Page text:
Qualified Charitable Distributions
Nobody likes paying taxes. At least I haven’t met anyone who does.
There is a rule that the IRS has in place for people who have money saved into a 401(k), traditional IRA, or any other pre-tax retirement savings vehicle. This rule requires anyone over a certain age (70.5 if you turned 70 before July 1, 2019 or 72 if you turned 70 after that date) to pull money out of their account even if they don’t need it. This is called a required minimum distribution (RMD for short).
The RMD is determined using a formula the IRS has come up with. You can determine that using this IRS worksheet or using this RMD calculator. If you’ve rolled your 401(k) into an IRA, most firms will be able to give you your projected RMD for the year as well.
The money pulled out of these accounts is then taxed as ordinary income. This means each dollar you pull out will be taxed at your marginal tax rate. If you’re in a high tax bracket this can mean potentially tens of thousands of additional dollars you have to pay every year.
What Can I Do About This?
First, I’ll acknowledge, this is a good problem to have. Having an RMD issue means that you’ve done well in preparing for this stage of your life and you’re able to create income from other sources to provide for you and your family.
If you have found yourself in this position though, and you’re charitable, a Qualified Charitable Distributions (QCDs for short) is a good option for you to consider.
What is a QCD?
A QCD is a donation made directly from a traditional IRA to a charity on behalf of the account owner. Each person can directly transfer up to $100,000 per year to a charity (or multiple charities) of their choice.
While each person can make up to a $100,000 distribution, QCDs are often used primarily to offset RMDs (see above).
As an example, let’s assume there is a married couple who will both be 75 at the end of the year. They both had $1,000,000 in their IRAs at the end of last year (when the RMD calculation was made).
In this scenario, each spouse would have a required minimum distribution (RMD) of $43,668.12 for the year.
These clients could choose to take their RMD and pay the tax on the additional $87,336.24 (2 x their RMD of $43,668.12) of income and then take the money and reinvest it or spend it.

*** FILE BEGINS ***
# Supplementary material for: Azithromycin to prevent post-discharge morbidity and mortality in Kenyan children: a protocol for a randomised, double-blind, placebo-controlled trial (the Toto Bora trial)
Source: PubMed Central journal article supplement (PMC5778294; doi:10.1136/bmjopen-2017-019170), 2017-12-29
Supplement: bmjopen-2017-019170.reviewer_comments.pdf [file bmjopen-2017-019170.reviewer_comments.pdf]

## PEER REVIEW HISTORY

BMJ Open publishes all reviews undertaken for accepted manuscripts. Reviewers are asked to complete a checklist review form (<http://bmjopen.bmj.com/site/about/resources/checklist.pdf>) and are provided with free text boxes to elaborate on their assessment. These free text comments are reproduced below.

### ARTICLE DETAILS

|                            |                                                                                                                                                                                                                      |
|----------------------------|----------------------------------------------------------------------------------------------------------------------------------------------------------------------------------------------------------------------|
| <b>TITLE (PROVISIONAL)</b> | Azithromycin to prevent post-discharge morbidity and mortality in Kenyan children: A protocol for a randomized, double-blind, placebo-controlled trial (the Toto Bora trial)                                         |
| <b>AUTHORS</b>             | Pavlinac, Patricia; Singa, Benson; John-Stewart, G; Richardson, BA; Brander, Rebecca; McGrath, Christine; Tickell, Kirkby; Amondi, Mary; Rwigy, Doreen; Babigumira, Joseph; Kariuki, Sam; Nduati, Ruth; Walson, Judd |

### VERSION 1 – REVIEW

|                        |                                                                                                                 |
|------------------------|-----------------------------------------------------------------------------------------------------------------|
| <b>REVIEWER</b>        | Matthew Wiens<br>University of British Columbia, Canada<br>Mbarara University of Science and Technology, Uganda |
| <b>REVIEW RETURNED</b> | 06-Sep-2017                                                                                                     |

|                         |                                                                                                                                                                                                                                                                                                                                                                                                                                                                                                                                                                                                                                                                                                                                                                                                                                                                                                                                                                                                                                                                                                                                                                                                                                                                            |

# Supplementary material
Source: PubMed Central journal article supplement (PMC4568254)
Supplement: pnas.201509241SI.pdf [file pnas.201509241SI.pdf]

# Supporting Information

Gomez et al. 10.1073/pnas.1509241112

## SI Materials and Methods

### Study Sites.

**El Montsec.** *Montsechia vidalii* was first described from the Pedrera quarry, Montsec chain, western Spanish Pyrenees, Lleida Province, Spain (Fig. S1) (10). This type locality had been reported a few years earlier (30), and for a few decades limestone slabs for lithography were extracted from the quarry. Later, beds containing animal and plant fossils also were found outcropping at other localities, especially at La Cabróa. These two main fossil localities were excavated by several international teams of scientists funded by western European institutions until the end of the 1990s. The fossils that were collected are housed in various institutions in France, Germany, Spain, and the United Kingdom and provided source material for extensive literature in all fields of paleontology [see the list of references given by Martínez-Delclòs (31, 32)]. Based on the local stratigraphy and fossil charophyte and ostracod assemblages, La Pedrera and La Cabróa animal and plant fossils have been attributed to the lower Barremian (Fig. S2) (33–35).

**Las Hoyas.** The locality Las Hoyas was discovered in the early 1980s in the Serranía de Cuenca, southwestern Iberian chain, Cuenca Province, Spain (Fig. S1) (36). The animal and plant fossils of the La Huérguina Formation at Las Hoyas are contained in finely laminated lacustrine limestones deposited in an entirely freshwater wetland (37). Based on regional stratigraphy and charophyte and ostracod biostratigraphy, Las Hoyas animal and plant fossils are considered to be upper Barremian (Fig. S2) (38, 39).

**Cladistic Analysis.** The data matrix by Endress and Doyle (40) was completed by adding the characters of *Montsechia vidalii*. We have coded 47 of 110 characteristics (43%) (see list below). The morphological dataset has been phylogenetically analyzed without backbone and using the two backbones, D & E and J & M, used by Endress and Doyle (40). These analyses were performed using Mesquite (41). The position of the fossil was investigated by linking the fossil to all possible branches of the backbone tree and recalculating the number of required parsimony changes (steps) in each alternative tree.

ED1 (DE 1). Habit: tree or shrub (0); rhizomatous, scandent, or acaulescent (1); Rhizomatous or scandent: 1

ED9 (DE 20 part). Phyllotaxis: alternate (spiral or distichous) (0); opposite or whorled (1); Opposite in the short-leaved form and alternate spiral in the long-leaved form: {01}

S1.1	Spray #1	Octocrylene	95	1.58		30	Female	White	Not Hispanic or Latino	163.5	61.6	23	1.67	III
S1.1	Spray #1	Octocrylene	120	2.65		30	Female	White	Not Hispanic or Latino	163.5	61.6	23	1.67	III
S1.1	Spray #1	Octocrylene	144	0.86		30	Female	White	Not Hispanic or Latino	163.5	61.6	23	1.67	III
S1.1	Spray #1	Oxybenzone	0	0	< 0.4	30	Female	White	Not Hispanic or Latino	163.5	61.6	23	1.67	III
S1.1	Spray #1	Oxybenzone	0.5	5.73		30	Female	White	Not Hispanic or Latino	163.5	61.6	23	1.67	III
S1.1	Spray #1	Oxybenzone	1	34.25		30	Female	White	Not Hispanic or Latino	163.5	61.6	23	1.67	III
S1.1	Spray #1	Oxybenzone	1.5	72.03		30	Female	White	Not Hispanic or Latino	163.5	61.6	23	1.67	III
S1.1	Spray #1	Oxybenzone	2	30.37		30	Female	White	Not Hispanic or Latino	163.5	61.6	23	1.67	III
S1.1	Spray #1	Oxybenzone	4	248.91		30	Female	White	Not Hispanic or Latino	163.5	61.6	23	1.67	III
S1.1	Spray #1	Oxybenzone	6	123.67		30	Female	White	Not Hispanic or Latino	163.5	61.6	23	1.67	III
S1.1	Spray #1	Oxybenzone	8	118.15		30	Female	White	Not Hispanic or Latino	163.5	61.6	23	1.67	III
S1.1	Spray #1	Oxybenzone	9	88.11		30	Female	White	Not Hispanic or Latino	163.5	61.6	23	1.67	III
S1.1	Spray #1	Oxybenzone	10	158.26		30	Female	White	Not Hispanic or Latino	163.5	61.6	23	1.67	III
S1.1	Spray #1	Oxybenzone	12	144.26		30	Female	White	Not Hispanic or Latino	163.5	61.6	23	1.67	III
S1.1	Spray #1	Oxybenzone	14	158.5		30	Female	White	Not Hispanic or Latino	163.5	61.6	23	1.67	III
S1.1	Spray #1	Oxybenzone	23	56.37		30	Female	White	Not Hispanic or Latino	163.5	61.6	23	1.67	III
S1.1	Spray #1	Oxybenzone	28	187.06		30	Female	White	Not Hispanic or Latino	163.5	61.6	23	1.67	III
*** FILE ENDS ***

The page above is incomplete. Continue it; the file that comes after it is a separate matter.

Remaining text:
Another option would be to have some or all of that be used as a QCD. Each dollar used in this way will reduce the amount of taxable income for them dollar for dollar.
How is This Different From Other Giving?
The biggest advantage to a QCD is that this is an above the line deduction (the best kind). Most charitable giving is a below the line deduction and only counted if you choose to itemize your deductions.
Itemizing deductions is not as popular as it once was due the changes in the tax law in 2017. The biggest reason is the significant increase in the standard deduction.
Even still, a QCD removes every dollar donated from your adjusted gross income (AGI).
Should I Do This?
This is a great question and not one I can answer definitively in a format like this.
Regardless of your situation, I think it’s worth considering this as an option if you’re charitable. Even if you’re reliant on your IRA for income, there could still be reasons to consider QCDs if you’re charitable.
I would suggest you schedule a meeting with your financial planner and/or CPA to discuss as there are specific rules you have to follow to be able to do this. Ideally your planner and CPA will work together to help you with decisions like these.
If you’re a do-it-yourselfer (both taxes and investing), do some research to see if it would be worth doing. You might want to consider hiring a CPA or CFP professional to help you. You can find many that will charge you a one time fee or an hourly rate.
Did You Know?
Once you’ve distributed your required minimum distribution, you can’t decide at a later date that you want to do a QCD with that money. The QCD has to be transferred directly from your IRA to the (qualified) charity of your choice.
“People who complain about taxes can be divided into two classes: men and women.”
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